“Natalie,” Mrs. Stenninger bent down to my desk. Tall and angular, she always squatted to talk to us at our tiny desks. I quickly shoved my book into the cubby.

“Yes?” I asked, feigning innocence, like the pro liar I was fast becoming.

“What are you reading?” she asked. Mrs. Stenninger suffered no fools.

I sighed. No point in trying to salvage the fib. “A mystery book. It’s called Mandie and the Forbidden Attic.

“Is it good?” I searched her face to see if she was genuinely interested. Her brow raised, her face open–all signs pointed to “yes.”

“Yes. It’s exciting.” I grasped through my ten-year old mind to express what that meant to me, but it danced out of reach. My brain wasn’t sophisticated enough to explain how escaping into a book was the only way I could handle the boredom without standing up in the middle of fourth grade and screaming.

Mrs. Stenninger cocked her head and looked at me thoughtfully, dangling earrings brushing her shoulder. “Well I know what it’s like to be in the middle of a good book and not want to put it down. Tell you what: why don’t I have you read a book out loud to the class, so we can all read together?”

– – –

Looking back, I’m sure she spoke to my mother about my refusal to participate in class. That was the year everyone started worrying about me. I was sick often; some of it real, some of it desperation. It was too much. Even at ten, life was too much for me. That was the year I told the doctor I wanted to kill myself. When she asked how I would do it, I described floating up in a hot air balloon and jumping out, or maybe taking too much Tylenol one day.

hot air balloon

– – –

In grad school, while other students looked forward to summer break so they could drink too many Jack and Cokes or sit around and watch reality TV, I planned what books I was going to read, and in what order. As I slogged through Culture and Imperialism–and what felt like a dead-end relationship–I fantasized about reading a trashy romance novel first; one where the hero and heroine were cardboard cutouts instead of characters with flesh and flaws. Then I would move on to something lighthearted. An easy read about Anywhere But Here to soothe my aching brain and everything else that ached within me.

– – –

Even today, I am already plotting my next book. In the thick of the school year, waist-deep in papers and assigned reading, far-off lands and fantastic scenarios beckon. I wonder where my life went, then I open my laptop to enter grades, plan the next assignment.

I’m thinking maybe something YA. Something easy on the brain, heavy on plot.

 


Comments

Take Me Away — 12 Comments

  1. I just love glimpsing into the depths of your soul. Even when you talk about the dark and painful. I’ve told you before, you feel things so deeply and it’s always a moving experience tapping into this. I so relate to how you feel about books. Our neighborhood second hand book store had a sale two weekends ago and I walked away with a loot I am still excited to think about.
    Katia recently posted…A Letter to My Kids From Your Newly Working MomMy Profile

  2. I’ve spent many years escaping from life in a book. I think it’s a large part of the reason I am so content with being single.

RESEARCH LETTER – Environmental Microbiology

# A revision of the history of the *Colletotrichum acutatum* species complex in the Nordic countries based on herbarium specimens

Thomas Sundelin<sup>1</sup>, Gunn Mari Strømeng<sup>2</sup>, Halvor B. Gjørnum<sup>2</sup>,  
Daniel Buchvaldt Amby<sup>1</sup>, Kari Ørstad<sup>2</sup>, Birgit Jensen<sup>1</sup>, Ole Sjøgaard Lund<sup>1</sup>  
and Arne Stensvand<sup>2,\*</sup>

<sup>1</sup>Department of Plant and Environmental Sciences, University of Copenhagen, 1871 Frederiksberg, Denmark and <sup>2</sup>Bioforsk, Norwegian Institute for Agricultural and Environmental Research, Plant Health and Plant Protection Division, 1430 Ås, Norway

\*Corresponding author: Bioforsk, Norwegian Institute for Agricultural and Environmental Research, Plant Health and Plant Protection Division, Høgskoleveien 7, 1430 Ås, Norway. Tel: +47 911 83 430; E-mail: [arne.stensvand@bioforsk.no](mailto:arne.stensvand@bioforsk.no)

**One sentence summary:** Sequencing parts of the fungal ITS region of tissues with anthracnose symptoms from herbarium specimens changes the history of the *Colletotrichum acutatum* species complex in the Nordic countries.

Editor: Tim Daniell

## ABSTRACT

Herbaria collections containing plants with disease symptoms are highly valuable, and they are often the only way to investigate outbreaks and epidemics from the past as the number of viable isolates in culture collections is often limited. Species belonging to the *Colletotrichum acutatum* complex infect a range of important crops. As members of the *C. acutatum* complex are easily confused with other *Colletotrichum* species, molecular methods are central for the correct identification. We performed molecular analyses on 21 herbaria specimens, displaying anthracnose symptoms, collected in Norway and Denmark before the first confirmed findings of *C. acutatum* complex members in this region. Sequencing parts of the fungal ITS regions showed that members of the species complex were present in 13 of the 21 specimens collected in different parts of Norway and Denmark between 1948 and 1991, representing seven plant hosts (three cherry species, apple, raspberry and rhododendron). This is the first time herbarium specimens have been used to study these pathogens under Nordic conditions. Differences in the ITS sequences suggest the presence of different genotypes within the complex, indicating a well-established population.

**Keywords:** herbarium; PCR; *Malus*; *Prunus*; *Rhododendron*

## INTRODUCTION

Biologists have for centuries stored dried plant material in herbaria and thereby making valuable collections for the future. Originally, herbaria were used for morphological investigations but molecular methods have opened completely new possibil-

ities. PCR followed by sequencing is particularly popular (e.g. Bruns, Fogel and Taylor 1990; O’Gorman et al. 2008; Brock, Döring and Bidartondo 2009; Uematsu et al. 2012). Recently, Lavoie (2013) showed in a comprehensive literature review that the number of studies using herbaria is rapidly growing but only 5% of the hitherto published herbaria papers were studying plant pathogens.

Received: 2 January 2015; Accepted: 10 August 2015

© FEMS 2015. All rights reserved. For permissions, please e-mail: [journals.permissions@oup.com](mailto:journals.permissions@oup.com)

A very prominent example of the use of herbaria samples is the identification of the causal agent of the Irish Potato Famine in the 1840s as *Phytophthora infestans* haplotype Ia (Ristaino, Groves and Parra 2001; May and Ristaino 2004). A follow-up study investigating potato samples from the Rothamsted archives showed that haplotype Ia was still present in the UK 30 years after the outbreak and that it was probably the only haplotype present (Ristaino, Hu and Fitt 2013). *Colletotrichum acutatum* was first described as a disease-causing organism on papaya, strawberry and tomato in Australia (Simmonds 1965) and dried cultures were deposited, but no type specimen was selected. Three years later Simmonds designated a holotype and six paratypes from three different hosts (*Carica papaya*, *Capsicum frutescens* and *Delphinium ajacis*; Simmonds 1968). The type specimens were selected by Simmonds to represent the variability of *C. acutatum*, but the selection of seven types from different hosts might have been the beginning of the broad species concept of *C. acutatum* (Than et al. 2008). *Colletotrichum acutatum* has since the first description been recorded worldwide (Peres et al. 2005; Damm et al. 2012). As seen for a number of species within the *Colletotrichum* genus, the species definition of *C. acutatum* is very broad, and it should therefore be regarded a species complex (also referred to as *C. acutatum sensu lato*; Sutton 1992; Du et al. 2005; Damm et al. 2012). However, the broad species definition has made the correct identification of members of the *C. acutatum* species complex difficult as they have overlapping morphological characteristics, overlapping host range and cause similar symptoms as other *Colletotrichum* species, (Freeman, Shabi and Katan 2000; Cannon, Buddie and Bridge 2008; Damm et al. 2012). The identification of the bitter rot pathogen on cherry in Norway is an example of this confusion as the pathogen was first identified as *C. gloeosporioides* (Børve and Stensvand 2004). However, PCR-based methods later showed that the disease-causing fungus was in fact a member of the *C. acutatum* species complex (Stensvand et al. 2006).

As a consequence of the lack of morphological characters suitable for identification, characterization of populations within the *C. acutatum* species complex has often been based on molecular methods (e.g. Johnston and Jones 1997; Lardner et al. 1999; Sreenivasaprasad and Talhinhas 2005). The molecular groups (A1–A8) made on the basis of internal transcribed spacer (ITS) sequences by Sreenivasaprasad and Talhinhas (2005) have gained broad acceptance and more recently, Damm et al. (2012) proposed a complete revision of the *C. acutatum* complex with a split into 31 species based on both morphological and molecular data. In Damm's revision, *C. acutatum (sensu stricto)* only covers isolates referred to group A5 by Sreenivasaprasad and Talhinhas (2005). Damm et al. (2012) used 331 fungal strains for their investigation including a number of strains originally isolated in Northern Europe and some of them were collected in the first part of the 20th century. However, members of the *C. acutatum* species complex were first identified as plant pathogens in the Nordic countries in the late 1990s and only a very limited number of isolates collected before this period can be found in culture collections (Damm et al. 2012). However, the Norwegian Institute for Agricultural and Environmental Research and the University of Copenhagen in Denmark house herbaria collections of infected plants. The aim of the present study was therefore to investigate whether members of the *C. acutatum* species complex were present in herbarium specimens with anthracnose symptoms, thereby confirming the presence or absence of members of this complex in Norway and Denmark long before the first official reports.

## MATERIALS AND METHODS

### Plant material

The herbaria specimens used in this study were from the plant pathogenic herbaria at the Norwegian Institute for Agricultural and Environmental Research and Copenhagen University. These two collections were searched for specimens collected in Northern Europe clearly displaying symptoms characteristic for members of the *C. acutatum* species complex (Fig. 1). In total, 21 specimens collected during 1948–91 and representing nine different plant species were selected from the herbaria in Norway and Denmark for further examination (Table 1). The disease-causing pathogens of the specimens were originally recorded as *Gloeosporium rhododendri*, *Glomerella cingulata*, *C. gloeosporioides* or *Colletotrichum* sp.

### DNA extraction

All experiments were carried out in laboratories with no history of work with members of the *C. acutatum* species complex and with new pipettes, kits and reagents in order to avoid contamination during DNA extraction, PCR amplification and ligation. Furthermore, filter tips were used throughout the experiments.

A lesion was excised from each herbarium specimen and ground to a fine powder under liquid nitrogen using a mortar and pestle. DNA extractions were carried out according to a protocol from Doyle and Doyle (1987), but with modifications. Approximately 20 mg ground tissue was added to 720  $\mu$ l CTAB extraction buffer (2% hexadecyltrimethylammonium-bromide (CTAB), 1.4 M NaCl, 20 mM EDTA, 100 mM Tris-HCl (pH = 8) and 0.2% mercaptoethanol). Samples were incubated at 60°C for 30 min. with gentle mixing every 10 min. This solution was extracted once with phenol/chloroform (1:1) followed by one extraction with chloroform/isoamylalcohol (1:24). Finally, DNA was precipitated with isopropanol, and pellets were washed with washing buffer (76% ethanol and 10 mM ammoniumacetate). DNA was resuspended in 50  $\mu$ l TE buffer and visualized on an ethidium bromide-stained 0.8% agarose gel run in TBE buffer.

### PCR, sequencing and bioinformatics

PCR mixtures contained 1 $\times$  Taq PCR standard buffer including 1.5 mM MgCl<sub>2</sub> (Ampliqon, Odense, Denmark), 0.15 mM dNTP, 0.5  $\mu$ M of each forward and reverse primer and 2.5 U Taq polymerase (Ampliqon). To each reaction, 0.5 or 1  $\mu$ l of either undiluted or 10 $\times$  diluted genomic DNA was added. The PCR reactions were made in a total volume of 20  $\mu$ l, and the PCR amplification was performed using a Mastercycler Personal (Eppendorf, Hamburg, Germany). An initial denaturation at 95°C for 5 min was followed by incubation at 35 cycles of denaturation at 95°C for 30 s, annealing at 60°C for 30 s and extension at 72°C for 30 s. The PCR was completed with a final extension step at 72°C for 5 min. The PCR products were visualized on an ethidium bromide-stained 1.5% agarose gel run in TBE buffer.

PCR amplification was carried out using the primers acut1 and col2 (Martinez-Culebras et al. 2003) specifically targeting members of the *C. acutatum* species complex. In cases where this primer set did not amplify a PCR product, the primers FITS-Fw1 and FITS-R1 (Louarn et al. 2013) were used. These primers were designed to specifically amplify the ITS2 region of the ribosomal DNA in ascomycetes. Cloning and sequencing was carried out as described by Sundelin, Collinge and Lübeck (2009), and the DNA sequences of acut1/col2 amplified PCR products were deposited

I think I got caught more than once with a book hidden in my desk, although I was never asked to read out loud. Even though I just knew I could read out loud better than most of the class. I guess I was an arrogant little shit even then.
    Vanessa D. recently posted…Whatever, I’ll Just Date MyselfMy Profile

  3. Wow at 10? That’s intense. I’m glad you are here! I love books too. I wrestle a lot with how much blogging interferes with my reading time. I’m still not sure I’m managing that in the best way.
    Stacie recently posted…In All FairnessMy Profile

  4. God, yes. Just, yes. I have spend my entire life feeling exactly this way. When I’m in the middle of something particularly mind numbing at work I wonder if I can just close my door and pull my book out of my bag, and when I leave work, I count the minutes until I’m sitting on the train so I can pick up my book where I left off in the morning. Books are my constant companions and most faithful friends. Also, I’ve been in a little bit of a YA binge myself. I would recommend anything by Rainbow Rowell. I’m loving the hell out of her these days.
    Samantha Brinn Merel recently posted…Pittsburgh Girls Do Football in New YorkMy Profile

  5. In was never a reader in my youth or even before that. Books were hard to come by and the books the school library offered were simply too boring or made no sense at all. But I can understand your passion for books as I see it in my daughter now. How she is so stuck in them to the.point she ignores everyone around her. Yet, I find myself buying more books for her because things are different now. We have books! Interesting ones.
    Jasbir @jasbeeray recently posted…Little stars – Dugrstar Roadshow kick offMy Profile

  6. Books are such a comfort, and shame on that teacher for doing that. I have enjoyed watching my kids sink into books the same way I did.

  7. Oh, wow. Jumping out of a hot air balloon. I’m glad you didn’t do it, but that’s quite an image. This brought back for me a similar time in my childhood when my teachers were talking to my parents and everyone was worried about me. At the time, I didn’t understand why. It’s interesting to me what grownups notice.
    Jennifer Berney recently posted…Embracing DarknessMy Profile

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